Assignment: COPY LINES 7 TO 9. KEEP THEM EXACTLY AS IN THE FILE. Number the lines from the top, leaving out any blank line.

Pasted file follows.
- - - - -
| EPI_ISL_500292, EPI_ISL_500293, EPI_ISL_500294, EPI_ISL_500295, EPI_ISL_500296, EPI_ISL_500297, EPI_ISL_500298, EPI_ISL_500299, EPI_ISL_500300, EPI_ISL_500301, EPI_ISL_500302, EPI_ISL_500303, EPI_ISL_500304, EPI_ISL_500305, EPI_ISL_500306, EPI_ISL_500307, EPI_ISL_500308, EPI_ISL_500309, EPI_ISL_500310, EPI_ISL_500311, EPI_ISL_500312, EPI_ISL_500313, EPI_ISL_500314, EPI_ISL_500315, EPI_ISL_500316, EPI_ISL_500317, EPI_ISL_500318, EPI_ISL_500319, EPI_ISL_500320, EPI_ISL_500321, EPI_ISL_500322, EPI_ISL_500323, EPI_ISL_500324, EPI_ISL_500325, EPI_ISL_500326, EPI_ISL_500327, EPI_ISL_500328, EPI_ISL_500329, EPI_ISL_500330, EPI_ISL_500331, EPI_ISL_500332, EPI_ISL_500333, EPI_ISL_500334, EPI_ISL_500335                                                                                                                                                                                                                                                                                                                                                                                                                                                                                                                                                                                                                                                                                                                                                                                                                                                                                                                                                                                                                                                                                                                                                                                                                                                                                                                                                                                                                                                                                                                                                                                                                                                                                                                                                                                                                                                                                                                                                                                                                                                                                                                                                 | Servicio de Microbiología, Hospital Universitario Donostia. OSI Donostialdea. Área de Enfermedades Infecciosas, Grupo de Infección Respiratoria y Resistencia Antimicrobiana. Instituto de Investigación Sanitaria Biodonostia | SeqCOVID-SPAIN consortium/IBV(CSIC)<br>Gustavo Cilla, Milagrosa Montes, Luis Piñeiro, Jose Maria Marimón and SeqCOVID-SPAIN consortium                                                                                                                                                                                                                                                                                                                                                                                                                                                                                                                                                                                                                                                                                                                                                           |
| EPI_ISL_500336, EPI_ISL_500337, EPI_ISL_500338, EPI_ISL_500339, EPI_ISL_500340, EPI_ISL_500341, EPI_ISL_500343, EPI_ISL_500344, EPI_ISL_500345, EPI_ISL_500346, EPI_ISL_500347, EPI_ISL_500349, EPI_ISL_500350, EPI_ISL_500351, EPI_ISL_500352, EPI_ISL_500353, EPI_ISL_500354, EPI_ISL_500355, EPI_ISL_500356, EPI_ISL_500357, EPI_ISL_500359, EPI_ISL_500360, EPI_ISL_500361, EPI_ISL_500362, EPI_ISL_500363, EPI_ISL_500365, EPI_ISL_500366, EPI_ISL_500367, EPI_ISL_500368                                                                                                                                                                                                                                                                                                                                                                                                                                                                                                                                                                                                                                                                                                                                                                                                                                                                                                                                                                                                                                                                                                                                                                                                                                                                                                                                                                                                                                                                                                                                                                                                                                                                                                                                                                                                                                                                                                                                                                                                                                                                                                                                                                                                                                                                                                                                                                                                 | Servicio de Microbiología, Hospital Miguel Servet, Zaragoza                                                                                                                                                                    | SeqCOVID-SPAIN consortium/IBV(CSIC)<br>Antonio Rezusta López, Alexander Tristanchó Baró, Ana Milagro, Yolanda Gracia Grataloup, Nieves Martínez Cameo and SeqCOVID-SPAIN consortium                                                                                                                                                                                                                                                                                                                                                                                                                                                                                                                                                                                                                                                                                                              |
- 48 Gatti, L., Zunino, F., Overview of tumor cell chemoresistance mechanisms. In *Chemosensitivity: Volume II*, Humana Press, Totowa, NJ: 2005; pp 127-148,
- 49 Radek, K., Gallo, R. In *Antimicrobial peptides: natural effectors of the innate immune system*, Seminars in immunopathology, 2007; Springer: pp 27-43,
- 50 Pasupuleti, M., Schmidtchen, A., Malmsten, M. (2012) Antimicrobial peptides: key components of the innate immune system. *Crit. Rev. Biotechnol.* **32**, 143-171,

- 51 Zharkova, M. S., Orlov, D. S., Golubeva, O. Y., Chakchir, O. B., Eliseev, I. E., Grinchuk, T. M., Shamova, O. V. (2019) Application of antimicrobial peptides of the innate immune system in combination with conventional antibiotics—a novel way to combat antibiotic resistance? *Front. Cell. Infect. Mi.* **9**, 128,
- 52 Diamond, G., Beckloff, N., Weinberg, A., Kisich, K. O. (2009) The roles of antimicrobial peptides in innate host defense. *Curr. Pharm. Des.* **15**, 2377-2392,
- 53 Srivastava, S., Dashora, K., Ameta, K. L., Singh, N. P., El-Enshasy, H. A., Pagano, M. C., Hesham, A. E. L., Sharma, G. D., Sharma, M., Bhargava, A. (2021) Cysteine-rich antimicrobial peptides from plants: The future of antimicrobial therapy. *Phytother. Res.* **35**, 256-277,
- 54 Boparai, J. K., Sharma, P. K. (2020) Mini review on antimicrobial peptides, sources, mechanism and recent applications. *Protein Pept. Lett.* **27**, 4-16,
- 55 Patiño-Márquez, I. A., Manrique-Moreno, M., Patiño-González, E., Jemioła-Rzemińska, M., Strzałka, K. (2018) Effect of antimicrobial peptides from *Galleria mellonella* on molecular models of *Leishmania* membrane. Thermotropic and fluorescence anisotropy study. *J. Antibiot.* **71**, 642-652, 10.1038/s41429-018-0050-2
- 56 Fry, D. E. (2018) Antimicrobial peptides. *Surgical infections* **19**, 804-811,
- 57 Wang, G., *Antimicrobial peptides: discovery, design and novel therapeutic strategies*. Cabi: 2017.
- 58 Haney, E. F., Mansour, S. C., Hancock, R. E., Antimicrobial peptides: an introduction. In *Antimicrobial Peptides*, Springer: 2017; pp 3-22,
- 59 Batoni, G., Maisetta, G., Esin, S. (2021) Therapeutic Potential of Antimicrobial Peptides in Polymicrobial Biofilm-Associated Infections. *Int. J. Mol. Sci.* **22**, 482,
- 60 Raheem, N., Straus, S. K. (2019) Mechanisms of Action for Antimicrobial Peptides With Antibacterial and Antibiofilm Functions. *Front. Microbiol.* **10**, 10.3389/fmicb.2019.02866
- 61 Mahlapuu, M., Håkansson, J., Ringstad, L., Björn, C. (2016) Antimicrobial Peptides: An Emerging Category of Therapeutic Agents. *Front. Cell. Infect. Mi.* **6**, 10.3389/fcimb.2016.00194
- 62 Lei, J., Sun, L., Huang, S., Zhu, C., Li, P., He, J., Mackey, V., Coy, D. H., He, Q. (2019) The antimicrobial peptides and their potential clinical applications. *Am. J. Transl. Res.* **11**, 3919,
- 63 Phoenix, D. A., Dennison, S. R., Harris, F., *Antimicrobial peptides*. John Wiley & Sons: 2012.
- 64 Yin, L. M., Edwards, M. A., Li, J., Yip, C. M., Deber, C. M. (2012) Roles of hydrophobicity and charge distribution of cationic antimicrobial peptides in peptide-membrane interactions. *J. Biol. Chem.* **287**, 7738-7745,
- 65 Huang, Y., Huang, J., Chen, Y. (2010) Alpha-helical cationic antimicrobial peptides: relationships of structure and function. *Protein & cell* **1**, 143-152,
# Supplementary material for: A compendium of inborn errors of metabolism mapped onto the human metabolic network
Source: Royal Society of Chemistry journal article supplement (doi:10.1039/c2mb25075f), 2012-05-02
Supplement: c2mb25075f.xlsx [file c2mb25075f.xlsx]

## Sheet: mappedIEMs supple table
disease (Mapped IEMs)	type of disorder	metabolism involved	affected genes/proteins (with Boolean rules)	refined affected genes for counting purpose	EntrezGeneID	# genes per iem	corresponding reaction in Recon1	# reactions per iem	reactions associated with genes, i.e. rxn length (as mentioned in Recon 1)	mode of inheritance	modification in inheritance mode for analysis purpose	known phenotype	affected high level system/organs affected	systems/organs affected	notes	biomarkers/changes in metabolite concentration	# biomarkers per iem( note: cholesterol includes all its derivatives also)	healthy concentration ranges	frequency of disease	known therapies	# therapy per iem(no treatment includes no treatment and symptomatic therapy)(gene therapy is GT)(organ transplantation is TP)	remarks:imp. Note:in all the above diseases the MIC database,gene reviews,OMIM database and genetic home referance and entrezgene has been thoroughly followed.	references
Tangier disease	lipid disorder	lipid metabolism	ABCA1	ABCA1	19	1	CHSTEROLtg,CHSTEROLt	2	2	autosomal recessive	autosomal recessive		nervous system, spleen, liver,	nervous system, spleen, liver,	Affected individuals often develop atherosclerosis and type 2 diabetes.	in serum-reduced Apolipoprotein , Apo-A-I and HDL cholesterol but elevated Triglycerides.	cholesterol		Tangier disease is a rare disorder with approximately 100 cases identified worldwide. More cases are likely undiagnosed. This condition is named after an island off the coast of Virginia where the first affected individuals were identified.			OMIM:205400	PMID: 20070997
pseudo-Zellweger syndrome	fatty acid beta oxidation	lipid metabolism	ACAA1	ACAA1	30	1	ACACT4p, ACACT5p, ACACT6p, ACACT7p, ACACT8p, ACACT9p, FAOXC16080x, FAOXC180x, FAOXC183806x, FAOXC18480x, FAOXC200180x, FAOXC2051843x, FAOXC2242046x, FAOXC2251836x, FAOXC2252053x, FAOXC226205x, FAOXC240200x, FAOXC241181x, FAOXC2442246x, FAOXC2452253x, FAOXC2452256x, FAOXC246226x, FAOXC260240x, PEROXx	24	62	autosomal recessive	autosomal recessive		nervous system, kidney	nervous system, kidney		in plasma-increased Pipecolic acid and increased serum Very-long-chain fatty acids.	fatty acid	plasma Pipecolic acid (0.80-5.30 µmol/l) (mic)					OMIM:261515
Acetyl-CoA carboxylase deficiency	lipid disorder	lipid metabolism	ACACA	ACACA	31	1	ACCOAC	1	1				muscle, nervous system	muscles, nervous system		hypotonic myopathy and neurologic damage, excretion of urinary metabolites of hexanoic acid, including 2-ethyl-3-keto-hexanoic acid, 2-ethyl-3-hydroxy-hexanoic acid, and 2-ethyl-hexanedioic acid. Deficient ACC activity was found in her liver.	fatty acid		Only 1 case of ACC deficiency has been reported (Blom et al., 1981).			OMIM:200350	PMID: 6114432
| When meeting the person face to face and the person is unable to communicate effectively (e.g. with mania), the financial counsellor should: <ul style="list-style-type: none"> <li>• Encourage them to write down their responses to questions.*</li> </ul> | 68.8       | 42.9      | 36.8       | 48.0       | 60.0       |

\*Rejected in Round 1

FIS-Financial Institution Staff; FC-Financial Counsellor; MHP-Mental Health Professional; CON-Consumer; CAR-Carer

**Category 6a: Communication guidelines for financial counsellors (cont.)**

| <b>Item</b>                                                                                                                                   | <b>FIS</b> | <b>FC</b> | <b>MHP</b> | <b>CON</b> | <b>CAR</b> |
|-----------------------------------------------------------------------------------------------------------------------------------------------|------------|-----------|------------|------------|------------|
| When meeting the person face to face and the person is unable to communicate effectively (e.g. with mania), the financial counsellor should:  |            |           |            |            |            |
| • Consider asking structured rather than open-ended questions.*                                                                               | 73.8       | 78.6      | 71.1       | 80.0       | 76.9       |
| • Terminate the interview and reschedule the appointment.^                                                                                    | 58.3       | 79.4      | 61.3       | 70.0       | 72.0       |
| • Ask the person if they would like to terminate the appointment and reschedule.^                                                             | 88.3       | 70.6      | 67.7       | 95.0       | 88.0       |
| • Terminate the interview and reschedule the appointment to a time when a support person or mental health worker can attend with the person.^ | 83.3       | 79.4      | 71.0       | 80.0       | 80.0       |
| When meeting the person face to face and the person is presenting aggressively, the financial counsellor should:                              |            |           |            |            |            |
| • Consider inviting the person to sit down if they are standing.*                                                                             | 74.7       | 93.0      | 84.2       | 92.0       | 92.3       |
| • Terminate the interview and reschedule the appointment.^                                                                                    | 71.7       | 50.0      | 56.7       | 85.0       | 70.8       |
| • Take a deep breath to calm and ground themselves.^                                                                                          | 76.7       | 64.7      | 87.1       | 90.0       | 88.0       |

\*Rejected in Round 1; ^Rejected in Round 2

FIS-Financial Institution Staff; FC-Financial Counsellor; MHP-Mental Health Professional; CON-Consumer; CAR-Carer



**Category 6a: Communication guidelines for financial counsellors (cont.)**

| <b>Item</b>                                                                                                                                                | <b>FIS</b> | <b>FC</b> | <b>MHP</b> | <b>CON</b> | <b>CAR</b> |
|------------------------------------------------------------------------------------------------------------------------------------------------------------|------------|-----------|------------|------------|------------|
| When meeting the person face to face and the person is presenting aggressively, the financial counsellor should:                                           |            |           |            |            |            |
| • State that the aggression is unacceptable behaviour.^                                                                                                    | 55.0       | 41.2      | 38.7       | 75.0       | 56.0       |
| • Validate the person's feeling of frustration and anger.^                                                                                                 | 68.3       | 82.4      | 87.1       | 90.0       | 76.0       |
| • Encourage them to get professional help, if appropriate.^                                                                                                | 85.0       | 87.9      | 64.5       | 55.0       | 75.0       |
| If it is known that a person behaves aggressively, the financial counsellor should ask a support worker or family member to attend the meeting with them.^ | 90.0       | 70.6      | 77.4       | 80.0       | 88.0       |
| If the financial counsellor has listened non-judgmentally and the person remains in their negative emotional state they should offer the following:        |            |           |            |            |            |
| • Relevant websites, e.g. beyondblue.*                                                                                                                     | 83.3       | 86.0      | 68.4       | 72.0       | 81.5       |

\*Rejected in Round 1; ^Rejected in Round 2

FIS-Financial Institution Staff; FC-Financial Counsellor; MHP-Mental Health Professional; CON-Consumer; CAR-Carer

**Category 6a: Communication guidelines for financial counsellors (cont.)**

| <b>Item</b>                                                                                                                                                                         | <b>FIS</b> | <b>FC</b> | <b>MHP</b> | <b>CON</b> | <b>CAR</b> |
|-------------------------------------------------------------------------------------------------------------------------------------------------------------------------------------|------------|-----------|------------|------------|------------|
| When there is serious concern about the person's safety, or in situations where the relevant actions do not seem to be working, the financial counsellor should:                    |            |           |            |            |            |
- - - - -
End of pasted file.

- 52 Diamond, G., Beckloff, N., Weinberg, A., Kisich, K. O. (2009) The roles of antimicrobial peptides in innate host defense. *Curr. Pharm. Des.* **15**, 2377-2392,
- 53 Srivastava, S., Dashora, K., Ameta, K. L., Singh, N. P., El-Enshasy, H. A., Pagano, M. C., Hesham, A. E. L., Sharma, G. D., Sharma, M., Bhargava, A. (2021) Cysteine-rich antimicrobial peptides from plants: The future of antimicrobial therapy. *Phytother. Res.* **35**, 256-277,
- 54 Boparai, J. K., Sharma, P. K. (2020) Mini review on antimicrobial peptides, sources, mechanism and recent applications. *Protein Pept. Lett.* **27**, 4-16,